Unfortunately, not being careful with your homeowners insurance claims could turn a real-life disaster into a financial catastrophe. Submit too many claims? Your premiums might rise. Submit the wrong claim? Again, your premiums might rise—and you’ll still have to cover the cost of the damage.
Truth be told, homeowners insurance isn’t as simple as “Submit claim, get paid.” To save money in the long run, you need to think carefully about whether you want to file that claim. Here are five scenarios that might end up costing you.
1. When the cost is within 20% of your deductible
Don’t treat your homeowners insurance deductible like your medical insurance deductible. Just because your insurance company will cover part of the cost doesn’t mean you want it to do so.
“I would never recommend that one of our customers turn in a claim that, after the deductible, is only going to pay out a couple hundred dollars,” says Will Tucker, who owns an independent insurance agency, Tucker Agency. “We advise our customers to pay cash until it becomes painful.”
Submitting multiple small claims may ultimately make you “uninsurable,” Tucker says. Soon, you’ll see higher premiums, and you might even struggle to switch insurance providers.
Financial planner R.J. Weiss advises homeowners to “avoid filing a claim within 20% of your deductible.” So if your deductible is $2,000, don’t submit anything to your insurance if it costs less than $2,400.
2. When it was avoidable
We’re going to use a very, very broad definition of “avoidable,” here. Avoidable doesn’t mean “your fault,” or even anyone’s fault, per se. Think about it from the insurer’s perspective: Would better locks or a different property location have thwarted the thief who stole your television? Would a newer stove or frequent maintenance have prevented that kitchen fire?
“Not all losses are created equal,” Tucker says. Take hail, for instance: There’s nothing you can do to keep a freak storm from battering your roof.
“A theft or fire claim is always going to be worse,” Tucker continues. That means your post-claim insurance premium increase will be proportionately worse, too.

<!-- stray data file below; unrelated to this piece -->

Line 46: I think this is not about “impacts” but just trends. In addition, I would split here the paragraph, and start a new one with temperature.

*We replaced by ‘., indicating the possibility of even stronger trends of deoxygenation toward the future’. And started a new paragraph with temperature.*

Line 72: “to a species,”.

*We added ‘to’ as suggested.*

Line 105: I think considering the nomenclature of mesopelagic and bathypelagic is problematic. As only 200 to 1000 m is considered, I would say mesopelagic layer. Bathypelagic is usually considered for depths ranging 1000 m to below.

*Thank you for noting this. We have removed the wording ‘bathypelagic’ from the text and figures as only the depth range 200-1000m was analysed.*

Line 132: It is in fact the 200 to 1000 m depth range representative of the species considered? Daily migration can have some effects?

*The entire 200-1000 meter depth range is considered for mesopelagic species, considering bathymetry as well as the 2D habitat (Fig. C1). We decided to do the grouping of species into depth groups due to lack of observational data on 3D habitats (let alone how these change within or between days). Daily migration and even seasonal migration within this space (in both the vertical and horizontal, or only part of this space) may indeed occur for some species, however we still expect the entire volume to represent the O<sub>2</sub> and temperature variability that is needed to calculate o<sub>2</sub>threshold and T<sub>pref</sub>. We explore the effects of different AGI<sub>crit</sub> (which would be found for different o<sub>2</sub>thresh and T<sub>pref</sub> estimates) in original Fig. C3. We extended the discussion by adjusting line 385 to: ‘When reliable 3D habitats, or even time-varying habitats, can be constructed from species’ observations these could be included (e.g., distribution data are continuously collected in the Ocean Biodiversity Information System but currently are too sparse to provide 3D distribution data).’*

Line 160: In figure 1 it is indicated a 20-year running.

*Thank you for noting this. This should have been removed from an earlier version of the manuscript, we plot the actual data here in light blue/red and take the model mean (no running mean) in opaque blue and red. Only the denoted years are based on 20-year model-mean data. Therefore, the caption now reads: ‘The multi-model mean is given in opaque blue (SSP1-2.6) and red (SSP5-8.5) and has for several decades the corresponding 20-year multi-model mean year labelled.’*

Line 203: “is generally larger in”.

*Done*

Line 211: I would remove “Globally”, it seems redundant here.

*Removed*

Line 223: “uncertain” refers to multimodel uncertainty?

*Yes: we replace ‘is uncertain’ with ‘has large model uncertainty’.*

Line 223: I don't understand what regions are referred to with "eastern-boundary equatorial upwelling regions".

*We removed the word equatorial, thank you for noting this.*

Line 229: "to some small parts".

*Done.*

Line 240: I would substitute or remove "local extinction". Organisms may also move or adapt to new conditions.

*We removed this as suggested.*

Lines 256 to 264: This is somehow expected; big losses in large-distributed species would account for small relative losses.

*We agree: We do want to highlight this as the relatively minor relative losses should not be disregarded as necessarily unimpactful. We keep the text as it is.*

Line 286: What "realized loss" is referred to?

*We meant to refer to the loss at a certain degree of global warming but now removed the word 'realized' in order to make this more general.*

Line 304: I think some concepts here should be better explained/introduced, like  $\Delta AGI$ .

While this shouldn’t keep you from filing a claim if your losses were severe, consider paying cash if you can afford to do so.
3. When you are responsible
If you’re filing a claim because of homeowner negligence, consider carefully whether you can afford to fix the problem yourself first.
“If the damage is due to your lack of maintenance, your claim may be denied,” says Katie Tu, an insurance specialist with QuoteWizard. Even if your claim is denied, it’s still noted on the Comprehensive Loss Underwriting Exchange—or CLUE—which means that it can affect your premiums.
If your insurance company believes you’re not capable or interested in maintaining a safe home, that can affect your insurance, too. Immediately maintaining or repairing any issues when they show up “can prevent you from filing frivolous claims,” Tu says.
4. When your local agent tells you not to file
Having a local insurance agent can be a lifesaver, especially if you’re trying to avoid premium increases.
“I take pride in advising my clients and helping them decide the best course of action regarding the claims,” says Julian Conner, a private insurer with Mints Insurance Agency. “If you call the carrier directly, they’ll often funnel you right to the claims department. Even if you’re only looking for the answer to a couple of questions, this often triggers the start of the claims process.”
Talking to a local or independent agent first can save you the trouble of filing a claim you really shouldn’t have—and which also might increase your premiums.
“Most agents have seen a lot,” Weiss says. “In addition, many agents can call your insurance company—without giving your name and policy number—to inquire about the chances of your claim being denied.”
5. When there aren’t long-term home repercussions
Here’s a tricky homeowners insurance claim scenario: water damage. Let’s say a pipe burst in your second-floor laundry room, soaking the first floor. Your deductible is $3,000, and repairing the pipes and cleaning the water costs about $3,500. You shouldn’t put in an insurance claim … right?
Maybe you should. If damage might worsen over time, filing a claim now is the right course of action.
“You may be able to dry your floor and call it a day,” Conner says. “But did the moisture seep into the subfloor, starting the beginning of a mold problem? If you report this claim right away, the loss will likely be covered. However, if you wait two years until you discover the mold, the carrier will likely deny it.”
Figuring out which insurance claims are worth making can be a tricky business. Knowing how best to evaluate a problem—and understanding whom to call if you can’t make a decision—will prevent you from paying more in homeowners insurance costs over the long run.